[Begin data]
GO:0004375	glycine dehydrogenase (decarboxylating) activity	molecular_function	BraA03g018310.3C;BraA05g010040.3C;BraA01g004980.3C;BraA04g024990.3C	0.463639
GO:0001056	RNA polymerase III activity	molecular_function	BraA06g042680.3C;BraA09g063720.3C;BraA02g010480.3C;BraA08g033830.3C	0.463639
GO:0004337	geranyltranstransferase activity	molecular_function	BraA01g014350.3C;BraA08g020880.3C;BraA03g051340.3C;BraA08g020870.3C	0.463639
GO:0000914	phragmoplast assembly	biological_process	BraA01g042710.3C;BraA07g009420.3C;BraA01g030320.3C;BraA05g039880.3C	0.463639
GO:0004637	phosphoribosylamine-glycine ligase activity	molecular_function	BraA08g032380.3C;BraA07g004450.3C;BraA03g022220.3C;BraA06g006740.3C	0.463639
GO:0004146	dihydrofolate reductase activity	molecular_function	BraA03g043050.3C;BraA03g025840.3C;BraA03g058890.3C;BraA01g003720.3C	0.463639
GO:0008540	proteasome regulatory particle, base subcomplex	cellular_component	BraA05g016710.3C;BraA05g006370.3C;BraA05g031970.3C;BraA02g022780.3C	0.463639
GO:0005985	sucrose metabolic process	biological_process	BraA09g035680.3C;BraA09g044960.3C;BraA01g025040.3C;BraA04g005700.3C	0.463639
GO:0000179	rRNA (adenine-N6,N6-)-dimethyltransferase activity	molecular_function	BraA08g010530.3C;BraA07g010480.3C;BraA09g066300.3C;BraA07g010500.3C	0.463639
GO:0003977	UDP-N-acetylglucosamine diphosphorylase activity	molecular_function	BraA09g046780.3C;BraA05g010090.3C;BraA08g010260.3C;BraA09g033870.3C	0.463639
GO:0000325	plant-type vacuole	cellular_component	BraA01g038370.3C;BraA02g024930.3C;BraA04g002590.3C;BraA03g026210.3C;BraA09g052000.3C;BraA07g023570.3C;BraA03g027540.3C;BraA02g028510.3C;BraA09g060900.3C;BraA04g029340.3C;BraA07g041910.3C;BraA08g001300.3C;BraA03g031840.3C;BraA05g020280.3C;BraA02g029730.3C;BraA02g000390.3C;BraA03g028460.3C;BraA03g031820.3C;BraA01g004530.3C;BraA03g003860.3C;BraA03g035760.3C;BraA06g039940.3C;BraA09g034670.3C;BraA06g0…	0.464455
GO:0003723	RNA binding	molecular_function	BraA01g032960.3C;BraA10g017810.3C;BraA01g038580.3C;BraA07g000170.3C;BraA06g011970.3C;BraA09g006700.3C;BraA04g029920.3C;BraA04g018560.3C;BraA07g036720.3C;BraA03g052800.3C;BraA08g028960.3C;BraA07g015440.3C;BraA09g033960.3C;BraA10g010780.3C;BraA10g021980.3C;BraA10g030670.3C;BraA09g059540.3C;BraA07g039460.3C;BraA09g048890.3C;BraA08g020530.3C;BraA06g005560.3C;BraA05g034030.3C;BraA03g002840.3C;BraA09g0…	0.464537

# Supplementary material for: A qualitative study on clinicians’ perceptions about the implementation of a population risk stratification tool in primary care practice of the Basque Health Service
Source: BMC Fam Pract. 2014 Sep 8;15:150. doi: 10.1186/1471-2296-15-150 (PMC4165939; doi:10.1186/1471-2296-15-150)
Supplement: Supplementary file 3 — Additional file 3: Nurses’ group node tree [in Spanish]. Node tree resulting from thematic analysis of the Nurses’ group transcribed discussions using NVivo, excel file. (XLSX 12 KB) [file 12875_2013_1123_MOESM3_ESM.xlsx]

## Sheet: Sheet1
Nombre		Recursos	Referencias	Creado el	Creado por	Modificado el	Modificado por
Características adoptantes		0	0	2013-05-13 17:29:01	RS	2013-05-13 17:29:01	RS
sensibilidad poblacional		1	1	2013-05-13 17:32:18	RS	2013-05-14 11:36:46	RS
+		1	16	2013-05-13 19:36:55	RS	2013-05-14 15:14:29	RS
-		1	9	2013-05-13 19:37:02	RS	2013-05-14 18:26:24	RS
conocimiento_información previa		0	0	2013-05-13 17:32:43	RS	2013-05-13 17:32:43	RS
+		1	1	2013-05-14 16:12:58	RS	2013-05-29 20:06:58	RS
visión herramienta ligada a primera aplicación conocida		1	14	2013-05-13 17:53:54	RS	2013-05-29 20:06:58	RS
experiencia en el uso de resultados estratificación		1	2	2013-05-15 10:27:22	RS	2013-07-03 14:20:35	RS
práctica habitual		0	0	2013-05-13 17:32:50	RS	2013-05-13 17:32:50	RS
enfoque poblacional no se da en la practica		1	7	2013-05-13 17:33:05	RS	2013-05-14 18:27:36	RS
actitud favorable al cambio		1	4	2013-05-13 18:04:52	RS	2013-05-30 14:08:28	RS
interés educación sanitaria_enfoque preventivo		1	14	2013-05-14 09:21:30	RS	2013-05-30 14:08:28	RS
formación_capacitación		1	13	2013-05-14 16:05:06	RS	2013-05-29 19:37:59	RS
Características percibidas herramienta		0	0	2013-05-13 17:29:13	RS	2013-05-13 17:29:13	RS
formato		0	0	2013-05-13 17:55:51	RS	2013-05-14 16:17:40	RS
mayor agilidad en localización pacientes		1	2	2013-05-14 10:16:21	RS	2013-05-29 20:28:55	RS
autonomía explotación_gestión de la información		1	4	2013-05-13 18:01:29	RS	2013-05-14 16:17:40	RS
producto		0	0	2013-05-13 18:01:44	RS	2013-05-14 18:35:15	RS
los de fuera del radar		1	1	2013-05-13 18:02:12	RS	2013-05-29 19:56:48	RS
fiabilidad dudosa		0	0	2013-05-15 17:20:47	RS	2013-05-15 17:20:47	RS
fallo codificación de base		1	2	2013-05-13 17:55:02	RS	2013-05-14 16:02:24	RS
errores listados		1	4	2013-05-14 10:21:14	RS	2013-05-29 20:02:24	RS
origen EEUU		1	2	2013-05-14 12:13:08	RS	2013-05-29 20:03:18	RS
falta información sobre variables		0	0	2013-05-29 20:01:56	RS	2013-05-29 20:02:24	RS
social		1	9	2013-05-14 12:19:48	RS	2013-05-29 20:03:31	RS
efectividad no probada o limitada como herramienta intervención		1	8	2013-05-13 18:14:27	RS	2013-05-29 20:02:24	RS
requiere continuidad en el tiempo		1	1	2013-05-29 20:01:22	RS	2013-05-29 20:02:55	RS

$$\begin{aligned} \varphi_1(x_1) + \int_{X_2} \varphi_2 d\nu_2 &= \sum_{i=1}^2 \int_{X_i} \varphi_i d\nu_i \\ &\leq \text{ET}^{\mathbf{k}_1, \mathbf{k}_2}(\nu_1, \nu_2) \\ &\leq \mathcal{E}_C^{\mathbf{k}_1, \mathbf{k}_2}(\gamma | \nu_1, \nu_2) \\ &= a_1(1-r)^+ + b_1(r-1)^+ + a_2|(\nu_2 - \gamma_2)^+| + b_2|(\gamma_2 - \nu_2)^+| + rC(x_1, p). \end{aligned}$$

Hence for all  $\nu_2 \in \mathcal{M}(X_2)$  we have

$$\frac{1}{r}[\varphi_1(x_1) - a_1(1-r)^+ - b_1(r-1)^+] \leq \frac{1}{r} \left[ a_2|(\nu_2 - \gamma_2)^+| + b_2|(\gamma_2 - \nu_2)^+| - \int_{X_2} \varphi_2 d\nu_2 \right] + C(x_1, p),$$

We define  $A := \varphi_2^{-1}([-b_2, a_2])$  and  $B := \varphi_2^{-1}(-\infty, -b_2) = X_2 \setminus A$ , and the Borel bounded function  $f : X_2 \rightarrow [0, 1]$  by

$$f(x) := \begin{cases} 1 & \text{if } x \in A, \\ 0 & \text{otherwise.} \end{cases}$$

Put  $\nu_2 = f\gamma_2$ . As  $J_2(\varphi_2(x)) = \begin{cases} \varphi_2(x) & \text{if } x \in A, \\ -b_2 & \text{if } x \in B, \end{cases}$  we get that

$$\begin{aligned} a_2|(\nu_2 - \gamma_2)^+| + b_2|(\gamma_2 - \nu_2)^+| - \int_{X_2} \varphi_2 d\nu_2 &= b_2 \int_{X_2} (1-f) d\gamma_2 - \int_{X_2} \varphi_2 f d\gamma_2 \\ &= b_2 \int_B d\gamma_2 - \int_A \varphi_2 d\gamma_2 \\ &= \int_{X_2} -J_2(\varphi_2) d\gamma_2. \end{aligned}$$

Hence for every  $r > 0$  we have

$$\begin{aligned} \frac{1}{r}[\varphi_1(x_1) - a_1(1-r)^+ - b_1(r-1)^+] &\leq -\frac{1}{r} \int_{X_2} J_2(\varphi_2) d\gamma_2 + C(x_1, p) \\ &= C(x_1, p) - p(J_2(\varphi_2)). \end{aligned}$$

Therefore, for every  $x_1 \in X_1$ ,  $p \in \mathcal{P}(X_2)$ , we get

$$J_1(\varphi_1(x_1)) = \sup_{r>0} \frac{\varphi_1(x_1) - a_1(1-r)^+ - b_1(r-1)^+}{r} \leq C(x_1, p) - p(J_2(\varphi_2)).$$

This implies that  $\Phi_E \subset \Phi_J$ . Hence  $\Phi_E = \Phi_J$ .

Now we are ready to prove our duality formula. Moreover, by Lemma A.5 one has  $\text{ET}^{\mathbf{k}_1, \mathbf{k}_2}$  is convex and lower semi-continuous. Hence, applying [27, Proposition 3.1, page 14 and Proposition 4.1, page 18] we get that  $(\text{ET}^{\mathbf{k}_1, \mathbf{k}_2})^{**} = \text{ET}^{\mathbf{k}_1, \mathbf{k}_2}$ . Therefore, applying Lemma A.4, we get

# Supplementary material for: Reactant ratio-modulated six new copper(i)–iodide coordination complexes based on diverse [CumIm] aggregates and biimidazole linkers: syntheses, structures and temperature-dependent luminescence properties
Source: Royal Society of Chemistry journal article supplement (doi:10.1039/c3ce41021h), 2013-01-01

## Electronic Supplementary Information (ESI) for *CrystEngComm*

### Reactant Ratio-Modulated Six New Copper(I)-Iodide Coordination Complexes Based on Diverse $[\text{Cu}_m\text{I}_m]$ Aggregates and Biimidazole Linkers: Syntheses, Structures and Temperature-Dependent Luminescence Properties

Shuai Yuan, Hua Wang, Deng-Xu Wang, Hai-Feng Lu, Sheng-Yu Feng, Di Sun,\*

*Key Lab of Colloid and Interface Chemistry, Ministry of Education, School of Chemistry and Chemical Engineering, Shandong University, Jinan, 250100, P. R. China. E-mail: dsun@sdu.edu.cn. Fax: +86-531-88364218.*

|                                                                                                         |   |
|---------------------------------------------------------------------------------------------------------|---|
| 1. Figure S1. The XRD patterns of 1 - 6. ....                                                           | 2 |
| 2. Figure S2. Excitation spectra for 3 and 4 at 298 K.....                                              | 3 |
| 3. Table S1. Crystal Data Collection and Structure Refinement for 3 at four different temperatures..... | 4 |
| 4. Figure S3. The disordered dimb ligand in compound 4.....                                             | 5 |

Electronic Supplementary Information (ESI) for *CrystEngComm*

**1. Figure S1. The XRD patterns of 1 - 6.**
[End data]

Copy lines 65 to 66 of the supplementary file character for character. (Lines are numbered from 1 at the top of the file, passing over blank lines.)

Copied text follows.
|---------------------------------------------------------------------------------------------------------|---|
| 1. Figure S1. The XRD patterns of 1 - 6. ....                                                           | 2 |